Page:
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Expect the unexpected: the mantra of 2020. While having an annual recruiting plan is always a good idea, this year has given extra credence to planning for the better and for the worse.

Every year, I’ve put together a recruiting plan. I’ve always suggested certain initiatives based on historical data and subsequent growth goals. For the most part, certain elements stayed consistent, which enabled our team to optimize our staff and marketing initiatives. This year was indeed a challenge, as many of our recruiting tactics forced us to pivot. Events and in-person interviews shifted to simple phone appointments and Zoom calls. Real estate schools closed, and career fairs were canceled. Because of COVID and economic uncertainty, we had to adapt to new regulations and agent interactions. Because of in-person limitations, we relied more on digital automation and new marketing technologies (video email, paperless contracts, personalized texting, etc.).

As you solidify your 2021 financials and project agent growth, plan for a best-case scenario, a real scenario and a worst-case scenario. At a minimum, planning for a worst-case scenario will allow you to prioritize your resources and identify the most vital components of your recruiting strategy.

Here are the most vital questions to ask yourself when you develop your recruiting plan:

Where did your recruits come from? Being able to track hire sources (referrals, marketing, recruiting staff) will help establish benchmarks to build upon.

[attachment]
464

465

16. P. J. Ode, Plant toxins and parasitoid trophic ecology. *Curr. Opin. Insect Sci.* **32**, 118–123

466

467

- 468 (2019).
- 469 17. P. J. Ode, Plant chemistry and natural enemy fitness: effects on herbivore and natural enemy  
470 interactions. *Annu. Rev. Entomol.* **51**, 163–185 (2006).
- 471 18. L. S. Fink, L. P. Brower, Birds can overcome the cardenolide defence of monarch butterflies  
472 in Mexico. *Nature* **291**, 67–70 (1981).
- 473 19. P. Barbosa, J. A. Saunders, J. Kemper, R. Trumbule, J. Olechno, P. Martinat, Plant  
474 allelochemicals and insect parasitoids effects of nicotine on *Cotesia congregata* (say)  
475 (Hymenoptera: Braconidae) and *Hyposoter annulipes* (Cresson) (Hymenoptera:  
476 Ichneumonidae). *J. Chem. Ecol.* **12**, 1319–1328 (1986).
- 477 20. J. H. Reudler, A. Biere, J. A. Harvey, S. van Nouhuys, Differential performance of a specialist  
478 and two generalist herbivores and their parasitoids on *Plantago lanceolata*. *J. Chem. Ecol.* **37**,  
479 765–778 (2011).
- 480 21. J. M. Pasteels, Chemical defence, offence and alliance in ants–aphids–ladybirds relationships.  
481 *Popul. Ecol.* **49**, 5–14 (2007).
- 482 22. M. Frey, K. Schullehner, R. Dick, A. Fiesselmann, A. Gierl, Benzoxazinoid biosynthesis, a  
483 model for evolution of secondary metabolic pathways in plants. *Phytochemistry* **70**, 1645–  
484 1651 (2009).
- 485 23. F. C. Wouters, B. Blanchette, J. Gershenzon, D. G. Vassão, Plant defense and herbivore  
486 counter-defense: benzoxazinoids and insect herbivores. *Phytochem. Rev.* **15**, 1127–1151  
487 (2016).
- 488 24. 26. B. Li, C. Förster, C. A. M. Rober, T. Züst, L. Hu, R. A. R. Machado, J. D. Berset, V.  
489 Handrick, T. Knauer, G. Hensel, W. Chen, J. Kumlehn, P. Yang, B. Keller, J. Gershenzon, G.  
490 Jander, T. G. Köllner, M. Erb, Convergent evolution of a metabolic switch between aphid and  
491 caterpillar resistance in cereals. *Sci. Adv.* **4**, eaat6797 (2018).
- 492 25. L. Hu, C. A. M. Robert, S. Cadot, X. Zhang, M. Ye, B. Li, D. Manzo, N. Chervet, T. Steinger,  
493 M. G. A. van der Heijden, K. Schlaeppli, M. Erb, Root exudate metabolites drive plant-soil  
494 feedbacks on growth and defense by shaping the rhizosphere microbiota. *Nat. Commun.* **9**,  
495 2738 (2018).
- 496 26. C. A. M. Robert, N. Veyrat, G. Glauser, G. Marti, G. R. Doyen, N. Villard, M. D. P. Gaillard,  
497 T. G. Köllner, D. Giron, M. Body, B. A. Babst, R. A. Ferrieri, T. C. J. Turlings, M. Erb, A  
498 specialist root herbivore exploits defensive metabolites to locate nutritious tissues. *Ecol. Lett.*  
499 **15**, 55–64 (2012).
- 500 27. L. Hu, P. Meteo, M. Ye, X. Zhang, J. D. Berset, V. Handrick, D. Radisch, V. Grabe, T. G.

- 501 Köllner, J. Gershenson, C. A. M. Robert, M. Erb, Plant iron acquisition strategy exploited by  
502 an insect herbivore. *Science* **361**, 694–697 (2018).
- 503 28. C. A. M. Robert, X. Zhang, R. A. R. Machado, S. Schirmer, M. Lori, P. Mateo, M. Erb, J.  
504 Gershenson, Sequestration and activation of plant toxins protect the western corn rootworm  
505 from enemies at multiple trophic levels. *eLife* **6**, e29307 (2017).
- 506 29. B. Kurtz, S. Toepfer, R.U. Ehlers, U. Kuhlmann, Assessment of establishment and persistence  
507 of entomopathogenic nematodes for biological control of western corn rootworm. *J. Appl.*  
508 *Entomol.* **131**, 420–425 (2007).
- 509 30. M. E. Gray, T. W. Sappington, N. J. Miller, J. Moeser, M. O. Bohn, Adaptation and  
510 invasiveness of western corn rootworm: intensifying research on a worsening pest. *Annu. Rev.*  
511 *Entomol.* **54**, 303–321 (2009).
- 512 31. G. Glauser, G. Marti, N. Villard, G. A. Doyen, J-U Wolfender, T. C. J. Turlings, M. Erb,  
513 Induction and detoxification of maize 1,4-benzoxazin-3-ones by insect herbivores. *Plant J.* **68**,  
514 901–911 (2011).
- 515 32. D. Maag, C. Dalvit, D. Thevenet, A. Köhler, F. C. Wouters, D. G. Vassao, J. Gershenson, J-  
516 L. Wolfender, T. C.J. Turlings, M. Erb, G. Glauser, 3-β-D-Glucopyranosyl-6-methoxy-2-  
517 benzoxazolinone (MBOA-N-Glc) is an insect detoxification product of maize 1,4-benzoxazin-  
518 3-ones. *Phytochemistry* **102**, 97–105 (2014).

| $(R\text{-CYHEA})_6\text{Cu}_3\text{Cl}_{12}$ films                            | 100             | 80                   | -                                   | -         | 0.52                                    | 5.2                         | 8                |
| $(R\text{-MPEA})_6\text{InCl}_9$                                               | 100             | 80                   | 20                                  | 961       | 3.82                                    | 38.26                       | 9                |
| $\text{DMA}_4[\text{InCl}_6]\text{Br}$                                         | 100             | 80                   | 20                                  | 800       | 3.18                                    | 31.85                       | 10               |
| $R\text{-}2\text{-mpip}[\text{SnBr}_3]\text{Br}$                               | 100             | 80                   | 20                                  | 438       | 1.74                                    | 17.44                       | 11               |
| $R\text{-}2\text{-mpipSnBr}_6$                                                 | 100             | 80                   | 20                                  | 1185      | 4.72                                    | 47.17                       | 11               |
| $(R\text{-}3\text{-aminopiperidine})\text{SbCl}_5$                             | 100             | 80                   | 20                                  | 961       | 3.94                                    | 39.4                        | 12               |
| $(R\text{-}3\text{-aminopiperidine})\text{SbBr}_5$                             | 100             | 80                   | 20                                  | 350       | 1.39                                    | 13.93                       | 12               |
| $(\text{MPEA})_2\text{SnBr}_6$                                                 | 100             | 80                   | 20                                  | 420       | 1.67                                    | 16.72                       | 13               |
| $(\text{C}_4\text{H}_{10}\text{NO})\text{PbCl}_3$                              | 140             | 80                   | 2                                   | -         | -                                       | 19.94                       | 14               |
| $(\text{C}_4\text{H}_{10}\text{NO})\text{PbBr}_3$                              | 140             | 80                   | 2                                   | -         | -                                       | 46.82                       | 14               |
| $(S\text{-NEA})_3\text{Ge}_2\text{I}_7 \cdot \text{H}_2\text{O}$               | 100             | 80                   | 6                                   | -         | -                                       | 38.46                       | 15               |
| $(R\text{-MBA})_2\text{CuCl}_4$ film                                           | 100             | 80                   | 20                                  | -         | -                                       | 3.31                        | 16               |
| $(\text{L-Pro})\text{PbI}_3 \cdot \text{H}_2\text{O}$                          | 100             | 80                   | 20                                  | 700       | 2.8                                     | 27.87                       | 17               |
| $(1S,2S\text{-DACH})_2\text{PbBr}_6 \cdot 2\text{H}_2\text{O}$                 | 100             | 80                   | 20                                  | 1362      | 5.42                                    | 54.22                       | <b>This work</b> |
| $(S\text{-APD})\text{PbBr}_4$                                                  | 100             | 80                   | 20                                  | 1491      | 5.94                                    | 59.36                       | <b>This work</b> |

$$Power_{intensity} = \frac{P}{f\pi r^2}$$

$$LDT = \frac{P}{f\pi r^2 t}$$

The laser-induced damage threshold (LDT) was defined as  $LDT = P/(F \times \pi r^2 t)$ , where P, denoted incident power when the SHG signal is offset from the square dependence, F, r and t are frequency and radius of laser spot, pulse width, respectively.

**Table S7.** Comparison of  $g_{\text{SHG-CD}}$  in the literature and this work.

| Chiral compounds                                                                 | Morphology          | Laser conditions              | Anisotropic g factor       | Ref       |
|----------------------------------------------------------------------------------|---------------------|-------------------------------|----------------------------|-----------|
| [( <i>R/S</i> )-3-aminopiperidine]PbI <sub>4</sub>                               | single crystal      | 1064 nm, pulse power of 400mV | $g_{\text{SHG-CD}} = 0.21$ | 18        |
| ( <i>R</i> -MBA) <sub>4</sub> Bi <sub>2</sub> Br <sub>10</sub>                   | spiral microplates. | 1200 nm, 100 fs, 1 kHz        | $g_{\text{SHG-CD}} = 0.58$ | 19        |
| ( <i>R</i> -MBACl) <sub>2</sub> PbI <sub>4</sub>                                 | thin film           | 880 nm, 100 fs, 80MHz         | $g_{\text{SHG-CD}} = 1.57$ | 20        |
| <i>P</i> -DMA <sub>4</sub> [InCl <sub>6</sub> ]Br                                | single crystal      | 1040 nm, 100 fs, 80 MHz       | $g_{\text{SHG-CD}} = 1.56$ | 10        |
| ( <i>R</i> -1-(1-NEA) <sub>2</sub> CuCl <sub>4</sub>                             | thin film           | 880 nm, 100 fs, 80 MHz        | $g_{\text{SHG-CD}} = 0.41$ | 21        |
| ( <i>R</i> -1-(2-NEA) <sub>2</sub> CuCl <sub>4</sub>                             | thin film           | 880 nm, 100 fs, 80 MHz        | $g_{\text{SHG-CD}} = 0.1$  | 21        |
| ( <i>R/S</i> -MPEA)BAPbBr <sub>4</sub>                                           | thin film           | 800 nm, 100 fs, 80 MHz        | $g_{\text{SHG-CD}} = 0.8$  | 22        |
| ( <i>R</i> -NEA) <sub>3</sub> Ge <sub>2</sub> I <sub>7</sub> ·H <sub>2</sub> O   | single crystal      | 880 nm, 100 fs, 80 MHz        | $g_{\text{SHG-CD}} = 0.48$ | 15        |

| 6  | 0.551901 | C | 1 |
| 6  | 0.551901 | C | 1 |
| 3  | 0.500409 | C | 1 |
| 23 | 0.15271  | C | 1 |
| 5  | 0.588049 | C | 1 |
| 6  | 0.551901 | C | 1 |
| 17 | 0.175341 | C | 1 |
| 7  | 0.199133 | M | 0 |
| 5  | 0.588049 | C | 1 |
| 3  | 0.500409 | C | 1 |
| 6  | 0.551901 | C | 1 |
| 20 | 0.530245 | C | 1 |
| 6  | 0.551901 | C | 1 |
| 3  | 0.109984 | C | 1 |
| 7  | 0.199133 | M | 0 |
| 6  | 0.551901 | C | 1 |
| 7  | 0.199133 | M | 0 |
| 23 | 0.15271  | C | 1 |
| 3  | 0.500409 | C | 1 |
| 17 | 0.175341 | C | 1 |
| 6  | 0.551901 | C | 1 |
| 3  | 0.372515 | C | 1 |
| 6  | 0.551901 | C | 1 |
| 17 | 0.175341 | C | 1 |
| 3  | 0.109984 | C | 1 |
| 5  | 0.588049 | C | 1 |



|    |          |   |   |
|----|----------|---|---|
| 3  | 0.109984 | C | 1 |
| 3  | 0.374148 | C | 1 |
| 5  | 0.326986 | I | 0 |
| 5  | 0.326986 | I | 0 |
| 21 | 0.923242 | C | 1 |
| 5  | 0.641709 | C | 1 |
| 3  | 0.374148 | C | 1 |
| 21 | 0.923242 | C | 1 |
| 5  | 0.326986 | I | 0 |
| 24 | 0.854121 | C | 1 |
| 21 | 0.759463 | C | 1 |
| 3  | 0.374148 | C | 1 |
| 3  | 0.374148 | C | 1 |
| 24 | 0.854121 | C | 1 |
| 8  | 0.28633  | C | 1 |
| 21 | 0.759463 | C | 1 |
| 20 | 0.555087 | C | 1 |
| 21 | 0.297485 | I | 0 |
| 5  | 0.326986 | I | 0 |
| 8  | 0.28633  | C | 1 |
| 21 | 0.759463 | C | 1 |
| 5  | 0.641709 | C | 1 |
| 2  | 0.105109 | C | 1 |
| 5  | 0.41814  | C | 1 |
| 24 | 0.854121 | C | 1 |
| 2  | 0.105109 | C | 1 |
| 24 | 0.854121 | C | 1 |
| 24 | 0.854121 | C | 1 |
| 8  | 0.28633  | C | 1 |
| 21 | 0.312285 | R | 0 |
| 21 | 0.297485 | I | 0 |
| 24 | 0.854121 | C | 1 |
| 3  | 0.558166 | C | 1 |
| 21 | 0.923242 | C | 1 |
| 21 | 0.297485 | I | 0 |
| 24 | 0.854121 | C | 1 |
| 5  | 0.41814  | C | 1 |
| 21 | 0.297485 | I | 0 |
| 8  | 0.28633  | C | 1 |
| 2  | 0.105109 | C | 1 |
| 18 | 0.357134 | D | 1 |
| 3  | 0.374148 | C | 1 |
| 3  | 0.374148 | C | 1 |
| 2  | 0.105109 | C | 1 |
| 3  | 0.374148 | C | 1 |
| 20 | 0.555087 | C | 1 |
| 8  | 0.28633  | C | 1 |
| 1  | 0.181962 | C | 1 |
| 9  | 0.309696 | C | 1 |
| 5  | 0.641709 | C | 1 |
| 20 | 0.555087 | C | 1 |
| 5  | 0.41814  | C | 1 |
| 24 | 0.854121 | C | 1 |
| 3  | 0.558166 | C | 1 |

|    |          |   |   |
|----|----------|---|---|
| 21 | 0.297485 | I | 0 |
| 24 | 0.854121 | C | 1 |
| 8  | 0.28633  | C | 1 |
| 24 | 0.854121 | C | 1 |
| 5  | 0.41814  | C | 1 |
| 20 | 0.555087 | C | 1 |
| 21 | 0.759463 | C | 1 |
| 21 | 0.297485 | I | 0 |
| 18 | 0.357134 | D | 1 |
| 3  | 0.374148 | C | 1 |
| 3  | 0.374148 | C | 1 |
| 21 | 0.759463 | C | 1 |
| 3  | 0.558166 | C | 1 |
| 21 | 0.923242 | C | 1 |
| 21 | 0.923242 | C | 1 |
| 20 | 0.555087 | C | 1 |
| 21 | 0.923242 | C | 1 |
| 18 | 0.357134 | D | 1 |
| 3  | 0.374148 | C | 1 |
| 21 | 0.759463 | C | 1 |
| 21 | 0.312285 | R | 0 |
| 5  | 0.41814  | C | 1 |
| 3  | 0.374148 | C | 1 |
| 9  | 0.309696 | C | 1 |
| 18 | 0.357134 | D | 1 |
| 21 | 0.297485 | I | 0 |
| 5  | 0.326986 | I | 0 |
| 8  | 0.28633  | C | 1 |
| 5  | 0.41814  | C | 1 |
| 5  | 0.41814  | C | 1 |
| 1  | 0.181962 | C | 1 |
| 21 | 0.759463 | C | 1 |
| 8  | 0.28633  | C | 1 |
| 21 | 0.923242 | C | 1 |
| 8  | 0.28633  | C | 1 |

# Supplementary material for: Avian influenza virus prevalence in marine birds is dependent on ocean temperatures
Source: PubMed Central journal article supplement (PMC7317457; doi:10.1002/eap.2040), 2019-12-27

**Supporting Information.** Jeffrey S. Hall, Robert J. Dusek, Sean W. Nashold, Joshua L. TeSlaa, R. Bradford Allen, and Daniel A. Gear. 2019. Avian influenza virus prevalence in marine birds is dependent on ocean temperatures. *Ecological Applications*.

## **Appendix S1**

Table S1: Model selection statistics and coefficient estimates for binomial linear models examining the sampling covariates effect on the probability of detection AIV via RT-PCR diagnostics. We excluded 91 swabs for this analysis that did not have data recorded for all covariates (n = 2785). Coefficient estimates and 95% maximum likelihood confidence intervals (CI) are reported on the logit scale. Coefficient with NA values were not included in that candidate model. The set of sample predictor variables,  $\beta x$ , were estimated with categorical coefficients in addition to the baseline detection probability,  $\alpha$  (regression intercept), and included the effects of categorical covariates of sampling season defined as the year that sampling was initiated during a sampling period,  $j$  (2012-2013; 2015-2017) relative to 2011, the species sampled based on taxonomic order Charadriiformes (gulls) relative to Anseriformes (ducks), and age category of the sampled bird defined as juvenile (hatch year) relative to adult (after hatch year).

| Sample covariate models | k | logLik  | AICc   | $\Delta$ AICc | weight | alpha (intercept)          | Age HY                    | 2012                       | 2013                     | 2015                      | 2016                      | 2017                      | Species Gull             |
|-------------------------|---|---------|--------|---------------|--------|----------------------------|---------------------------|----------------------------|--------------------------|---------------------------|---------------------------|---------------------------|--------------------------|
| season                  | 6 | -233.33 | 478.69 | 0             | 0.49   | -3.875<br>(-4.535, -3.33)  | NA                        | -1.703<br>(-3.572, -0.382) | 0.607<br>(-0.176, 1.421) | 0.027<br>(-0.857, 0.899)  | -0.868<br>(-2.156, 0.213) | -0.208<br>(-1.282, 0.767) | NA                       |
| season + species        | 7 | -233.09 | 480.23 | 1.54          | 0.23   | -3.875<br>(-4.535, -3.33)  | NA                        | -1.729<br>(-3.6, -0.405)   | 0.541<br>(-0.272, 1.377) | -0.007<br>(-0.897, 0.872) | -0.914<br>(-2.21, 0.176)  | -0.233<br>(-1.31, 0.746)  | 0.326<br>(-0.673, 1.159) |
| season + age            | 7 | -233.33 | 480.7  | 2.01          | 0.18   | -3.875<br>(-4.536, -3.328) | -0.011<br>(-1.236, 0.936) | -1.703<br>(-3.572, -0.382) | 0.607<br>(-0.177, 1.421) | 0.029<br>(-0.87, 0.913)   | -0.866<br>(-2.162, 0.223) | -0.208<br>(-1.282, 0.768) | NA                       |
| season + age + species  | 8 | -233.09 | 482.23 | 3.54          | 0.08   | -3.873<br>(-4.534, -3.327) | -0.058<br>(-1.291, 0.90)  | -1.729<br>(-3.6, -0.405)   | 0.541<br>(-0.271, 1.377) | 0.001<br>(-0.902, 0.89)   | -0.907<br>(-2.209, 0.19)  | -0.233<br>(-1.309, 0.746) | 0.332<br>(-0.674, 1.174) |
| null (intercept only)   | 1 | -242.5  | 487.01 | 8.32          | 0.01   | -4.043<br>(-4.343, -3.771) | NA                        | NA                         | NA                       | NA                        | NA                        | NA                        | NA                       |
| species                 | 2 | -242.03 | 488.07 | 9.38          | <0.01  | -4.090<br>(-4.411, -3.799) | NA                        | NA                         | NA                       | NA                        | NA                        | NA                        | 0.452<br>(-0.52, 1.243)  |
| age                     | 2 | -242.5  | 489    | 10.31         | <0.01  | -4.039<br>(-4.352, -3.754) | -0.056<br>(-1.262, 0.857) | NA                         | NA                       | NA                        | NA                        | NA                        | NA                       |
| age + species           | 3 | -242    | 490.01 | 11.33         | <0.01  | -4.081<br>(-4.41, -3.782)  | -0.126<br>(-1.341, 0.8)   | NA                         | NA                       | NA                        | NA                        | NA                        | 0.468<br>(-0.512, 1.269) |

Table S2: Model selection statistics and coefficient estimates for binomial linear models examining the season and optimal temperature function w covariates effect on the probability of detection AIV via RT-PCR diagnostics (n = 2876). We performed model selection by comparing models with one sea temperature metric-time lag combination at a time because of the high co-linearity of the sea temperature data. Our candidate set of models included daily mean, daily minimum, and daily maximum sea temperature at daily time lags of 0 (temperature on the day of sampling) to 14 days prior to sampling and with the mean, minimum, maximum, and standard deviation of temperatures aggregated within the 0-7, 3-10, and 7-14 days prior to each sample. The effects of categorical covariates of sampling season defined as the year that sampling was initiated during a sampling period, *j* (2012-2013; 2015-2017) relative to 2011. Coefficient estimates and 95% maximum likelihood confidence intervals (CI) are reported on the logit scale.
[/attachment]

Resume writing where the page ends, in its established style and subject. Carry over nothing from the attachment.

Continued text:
Did you run promos? Doing a deep dive analysis into your promotions will allow you to examine your ROI and determine their overall impact regarding agent count.

Where did you hire from? Understanding your feeder brokerages will provide you with insight into your overall value proposition, which can be scaled and replicated.

Who did you hire? Having insight into what type of agent you attract (new licensees, producers, teams) will allow you to optimize certain tactics, while also identifying problematic gaps.

What cost you recruits? Knowing why agents left your brokerage (technology, fee structure, office locations) will only improve your awareness of where investment needs to take place.

How was your online training curriculum? Given the ever-changing real estate conditions, brokerages need to best adapt to agents’ needs.

Based on these answers, you can better allocate budget, time and resources. Having a formalized plan will give you a roadmap for success and help you develop useful templates that can be used for years to come.

You have to ask yourself: What do agents need and does our brokerage fulfill those needs? Is the value proposition of your brokerage in line with desired trends? As you attempt to plan for 2021, and beyond, it is vital that you stay nimble, yet embrace your true culture and identity. Understanding the underlying nuance as to why agents joined your brokerage in 2020 will allow you to formalize a plan geared around optimizing your strengths and acknowledging your weaknesses.

The most important question to ask is: What would you have done differently if you had to do it again? This process has forced me to consider new ways to adapt and recruit, and not rely on what I thought to be were tried and true measures. Most importantly, having great people as your recruiters will always be your saving grace. Whoever does your recruiting, make sure they have empathy, passion for your brand and an innate ability to thrive in any work environment. Developing a true recruiting plan will be appreciated by your staff and will best prepare them for the challenges they will inevitably face.

Zack Cramer is responsible for agent recruitment amongst HomeSmart’s corporate-owned brokerages.